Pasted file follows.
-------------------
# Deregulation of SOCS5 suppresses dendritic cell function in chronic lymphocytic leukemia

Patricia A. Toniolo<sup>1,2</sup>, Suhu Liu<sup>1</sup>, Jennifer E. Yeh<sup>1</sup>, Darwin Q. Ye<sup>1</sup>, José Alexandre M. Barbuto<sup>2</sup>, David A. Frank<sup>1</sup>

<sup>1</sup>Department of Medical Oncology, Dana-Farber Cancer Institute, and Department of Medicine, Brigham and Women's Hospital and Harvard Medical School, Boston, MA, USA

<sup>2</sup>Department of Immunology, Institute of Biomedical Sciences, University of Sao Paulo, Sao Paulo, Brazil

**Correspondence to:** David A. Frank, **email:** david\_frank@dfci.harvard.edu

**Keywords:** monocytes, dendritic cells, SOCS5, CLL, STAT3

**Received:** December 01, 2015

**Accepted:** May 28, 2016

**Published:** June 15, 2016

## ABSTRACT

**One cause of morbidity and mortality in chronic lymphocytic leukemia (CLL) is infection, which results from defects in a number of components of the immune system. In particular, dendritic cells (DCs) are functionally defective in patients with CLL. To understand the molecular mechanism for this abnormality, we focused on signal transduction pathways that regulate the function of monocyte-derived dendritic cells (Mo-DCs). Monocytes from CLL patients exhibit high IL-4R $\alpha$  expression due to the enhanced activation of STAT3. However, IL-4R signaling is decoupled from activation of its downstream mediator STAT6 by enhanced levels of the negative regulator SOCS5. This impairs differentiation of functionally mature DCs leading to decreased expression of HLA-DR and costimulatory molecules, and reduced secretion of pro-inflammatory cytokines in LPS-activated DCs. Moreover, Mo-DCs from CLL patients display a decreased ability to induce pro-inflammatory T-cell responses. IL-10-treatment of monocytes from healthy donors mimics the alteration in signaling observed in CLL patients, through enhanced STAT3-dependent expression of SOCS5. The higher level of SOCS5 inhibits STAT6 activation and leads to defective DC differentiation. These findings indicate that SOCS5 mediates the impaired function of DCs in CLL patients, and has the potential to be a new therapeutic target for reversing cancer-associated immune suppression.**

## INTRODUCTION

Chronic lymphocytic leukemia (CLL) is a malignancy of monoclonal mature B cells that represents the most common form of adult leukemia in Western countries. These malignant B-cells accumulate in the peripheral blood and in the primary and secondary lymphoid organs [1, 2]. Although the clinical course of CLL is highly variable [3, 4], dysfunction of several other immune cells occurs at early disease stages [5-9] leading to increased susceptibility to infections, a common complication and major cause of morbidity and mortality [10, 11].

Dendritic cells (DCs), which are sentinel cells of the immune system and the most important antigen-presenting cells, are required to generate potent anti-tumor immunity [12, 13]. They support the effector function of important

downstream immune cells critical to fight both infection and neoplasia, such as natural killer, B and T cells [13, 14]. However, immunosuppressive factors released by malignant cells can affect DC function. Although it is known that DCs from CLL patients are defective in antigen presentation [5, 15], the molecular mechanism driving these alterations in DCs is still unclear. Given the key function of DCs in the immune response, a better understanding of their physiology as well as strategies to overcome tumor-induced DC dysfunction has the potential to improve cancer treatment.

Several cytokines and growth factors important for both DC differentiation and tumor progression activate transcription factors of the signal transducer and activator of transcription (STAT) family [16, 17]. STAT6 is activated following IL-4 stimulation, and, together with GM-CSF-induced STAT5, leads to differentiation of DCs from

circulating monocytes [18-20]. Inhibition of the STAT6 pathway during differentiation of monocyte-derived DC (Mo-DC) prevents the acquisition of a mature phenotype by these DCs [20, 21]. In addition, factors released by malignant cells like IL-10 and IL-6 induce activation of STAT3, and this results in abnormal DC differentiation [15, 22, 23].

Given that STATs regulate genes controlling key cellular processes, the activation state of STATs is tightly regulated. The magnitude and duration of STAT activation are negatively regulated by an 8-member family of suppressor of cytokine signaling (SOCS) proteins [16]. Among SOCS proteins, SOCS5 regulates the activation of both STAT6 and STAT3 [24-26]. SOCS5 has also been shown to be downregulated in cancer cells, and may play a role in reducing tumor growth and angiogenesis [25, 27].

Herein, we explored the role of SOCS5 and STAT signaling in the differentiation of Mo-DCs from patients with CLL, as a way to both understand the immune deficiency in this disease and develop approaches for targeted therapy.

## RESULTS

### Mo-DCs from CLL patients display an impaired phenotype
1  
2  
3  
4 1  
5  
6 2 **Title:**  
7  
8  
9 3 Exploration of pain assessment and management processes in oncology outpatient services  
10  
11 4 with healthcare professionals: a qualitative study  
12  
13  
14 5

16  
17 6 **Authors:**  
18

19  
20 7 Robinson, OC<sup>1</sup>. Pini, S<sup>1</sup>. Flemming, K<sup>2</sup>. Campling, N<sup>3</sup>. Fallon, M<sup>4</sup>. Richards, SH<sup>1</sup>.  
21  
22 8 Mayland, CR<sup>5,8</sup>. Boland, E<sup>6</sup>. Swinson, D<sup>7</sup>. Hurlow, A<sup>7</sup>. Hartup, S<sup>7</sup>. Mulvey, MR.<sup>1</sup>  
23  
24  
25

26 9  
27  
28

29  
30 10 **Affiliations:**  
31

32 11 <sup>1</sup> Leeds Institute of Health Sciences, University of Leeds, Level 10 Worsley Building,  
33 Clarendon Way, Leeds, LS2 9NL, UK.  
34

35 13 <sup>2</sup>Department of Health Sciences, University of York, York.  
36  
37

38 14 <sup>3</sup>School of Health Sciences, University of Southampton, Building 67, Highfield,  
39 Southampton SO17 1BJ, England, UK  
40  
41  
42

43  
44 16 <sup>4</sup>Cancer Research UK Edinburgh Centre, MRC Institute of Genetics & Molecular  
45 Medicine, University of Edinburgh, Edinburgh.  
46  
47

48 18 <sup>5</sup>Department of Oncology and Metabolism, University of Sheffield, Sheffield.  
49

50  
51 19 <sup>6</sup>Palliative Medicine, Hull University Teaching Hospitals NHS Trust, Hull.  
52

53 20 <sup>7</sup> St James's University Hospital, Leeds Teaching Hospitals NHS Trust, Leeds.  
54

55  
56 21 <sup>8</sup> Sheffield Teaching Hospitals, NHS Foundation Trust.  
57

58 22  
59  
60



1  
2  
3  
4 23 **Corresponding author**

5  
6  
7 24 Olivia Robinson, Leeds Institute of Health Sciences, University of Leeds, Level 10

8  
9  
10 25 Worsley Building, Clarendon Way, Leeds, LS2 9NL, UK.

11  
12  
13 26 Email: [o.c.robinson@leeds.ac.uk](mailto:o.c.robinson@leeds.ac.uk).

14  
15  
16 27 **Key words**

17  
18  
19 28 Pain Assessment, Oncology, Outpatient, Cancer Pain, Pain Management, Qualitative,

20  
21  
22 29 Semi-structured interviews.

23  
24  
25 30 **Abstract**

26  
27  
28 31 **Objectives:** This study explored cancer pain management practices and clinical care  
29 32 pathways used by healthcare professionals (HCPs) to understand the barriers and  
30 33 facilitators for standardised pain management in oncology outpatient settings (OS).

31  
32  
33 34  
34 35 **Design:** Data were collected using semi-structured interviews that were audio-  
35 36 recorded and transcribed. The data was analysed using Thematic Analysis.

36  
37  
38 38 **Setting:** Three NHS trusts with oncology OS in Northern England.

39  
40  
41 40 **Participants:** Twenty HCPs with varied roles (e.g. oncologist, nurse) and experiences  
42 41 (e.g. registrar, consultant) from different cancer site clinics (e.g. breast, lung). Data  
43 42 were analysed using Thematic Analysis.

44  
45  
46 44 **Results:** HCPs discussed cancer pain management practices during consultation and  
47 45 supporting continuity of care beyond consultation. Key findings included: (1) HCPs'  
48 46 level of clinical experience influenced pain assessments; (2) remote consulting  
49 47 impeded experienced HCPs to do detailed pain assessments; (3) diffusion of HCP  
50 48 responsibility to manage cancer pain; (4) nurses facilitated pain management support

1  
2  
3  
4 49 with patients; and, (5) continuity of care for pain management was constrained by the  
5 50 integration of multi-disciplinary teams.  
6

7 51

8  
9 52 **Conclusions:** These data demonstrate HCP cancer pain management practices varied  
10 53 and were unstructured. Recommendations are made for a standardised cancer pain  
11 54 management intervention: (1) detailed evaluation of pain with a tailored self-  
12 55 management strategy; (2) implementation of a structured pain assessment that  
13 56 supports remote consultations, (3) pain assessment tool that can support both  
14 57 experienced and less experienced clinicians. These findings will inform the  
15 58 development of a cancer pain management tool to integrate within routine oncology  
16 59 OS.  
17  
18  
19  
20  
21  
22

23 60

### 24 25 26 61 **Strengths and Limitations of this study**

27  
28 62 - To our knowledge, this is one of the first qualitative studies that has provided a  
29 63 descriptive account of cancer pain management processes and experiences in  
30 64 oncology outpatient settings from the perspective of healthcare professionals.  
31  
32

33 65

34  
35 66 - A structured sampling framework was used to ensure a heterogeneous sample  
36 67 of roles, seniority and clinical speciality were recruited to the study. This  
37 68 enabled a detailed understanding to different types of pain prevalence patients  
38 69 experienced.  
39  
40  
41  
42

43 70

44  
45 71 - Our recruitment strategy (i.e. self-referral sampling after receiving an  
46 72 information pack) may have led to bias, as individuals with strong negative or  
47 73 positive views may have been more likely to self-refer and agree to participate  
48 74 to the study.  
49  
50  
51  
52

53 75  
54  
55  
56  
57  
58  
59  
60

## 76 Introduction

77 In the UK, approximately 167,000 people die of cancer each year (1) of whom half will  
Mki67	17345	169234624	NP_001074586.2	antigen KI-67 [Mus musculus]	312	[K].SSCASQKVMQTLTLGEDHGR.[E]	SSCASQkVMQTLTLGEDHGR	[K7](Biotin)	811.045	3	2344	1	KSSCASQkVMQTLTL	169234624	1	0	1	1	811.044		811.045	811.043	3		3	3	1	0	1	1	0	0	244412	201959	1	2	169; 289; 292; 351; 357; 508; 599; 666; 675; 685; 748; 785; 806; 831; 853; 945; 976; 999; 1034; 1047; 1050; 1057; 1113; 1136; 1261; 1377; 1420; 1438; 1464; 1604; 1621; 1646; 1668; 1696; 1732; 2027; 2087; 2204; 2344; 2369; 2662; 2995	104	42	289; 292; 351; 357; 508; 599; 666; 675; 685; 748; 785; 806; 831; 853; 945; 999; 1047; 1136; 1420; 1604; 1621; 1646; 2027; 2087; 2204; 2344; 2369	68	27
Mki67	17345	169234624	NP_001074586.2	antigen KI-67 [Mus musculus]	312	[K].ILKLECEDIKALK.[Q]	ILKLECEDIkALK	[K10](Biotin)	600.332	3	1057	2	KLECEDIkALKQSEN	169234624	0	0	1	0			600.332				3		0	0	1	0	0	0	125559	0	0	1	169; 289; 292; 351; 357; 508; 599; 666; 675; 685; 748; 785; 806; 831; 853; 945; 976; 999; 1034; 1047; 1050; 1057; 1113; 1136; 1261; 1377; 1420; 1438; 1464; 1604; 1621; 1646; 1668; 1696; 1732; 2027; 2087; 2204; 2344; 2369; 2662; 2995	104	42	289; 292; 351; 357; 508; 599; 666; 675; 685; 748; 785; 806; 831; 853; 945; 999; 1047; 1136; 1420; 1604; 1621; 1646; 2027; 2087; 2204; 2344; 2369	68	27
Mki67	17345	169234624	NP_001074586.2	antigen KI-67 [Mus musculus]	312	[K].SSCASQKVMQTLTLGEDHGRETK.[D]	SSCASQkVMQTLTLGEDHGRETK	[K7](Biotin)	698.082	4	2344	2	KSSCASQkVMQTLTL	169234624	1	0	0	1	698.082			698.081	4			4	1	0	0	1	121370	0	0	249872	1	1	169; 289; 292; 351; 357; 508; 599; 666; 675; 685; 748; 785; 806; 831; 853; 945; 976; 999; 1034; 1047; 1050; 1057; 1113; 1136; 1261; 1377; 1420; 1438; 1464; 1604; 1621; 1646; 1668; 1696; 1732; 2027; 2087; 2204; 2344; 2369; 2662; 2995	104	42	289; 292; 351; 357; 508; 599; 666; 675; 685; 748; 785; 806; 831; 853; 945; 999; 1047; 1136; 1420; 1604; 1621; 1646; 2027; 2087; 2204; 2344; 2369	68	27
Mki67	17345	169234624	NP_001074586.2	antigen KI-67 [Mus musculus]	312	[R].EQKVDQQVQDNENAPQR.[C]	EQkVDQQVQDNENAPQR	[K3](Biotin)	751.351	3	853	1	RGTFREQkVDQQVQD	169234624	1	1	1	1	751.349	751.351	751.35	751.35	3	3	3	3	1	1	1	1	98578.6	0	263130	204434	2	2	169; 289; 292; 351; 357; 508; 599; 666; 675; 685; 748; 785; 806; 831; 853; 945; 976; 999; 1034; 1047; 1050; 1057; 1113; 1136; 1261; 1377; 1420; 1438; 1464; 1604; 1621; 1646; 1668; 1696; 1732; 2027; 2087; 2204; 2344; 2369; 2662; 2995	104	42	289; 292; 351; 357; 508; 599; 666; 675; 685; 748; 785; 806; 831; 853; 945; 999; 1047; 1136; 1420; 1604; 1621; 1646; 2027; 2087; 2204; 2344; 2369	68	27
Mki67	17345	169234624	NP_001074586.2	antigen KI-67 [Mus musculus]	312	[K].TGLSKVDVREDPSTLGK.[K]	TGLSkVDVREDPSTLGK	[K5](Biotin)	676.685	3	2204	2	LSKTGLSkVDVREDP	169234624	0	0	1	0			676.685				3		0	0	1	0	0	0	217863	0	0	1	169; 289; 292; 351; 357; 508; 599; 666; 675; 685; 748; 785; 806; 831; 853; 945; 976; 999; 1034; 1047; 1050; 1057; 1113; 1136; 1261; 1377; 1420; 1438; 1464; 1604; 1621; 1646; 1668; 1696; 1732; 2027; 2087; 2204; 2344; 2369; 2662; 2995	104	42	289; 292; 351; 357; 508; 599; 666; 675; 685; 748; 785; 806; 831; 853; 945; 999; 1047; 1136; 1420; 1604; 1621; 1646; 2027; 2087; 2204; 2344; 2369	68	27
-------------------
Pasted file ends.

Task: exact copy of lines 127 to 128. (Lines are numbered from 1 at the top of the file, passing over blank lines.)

47 45 supporting continuity of care beyond consultation. Key findings included: (1) HCPs'  
48 46 level of clinical experience influenced pain assessments; (2) remote consulting  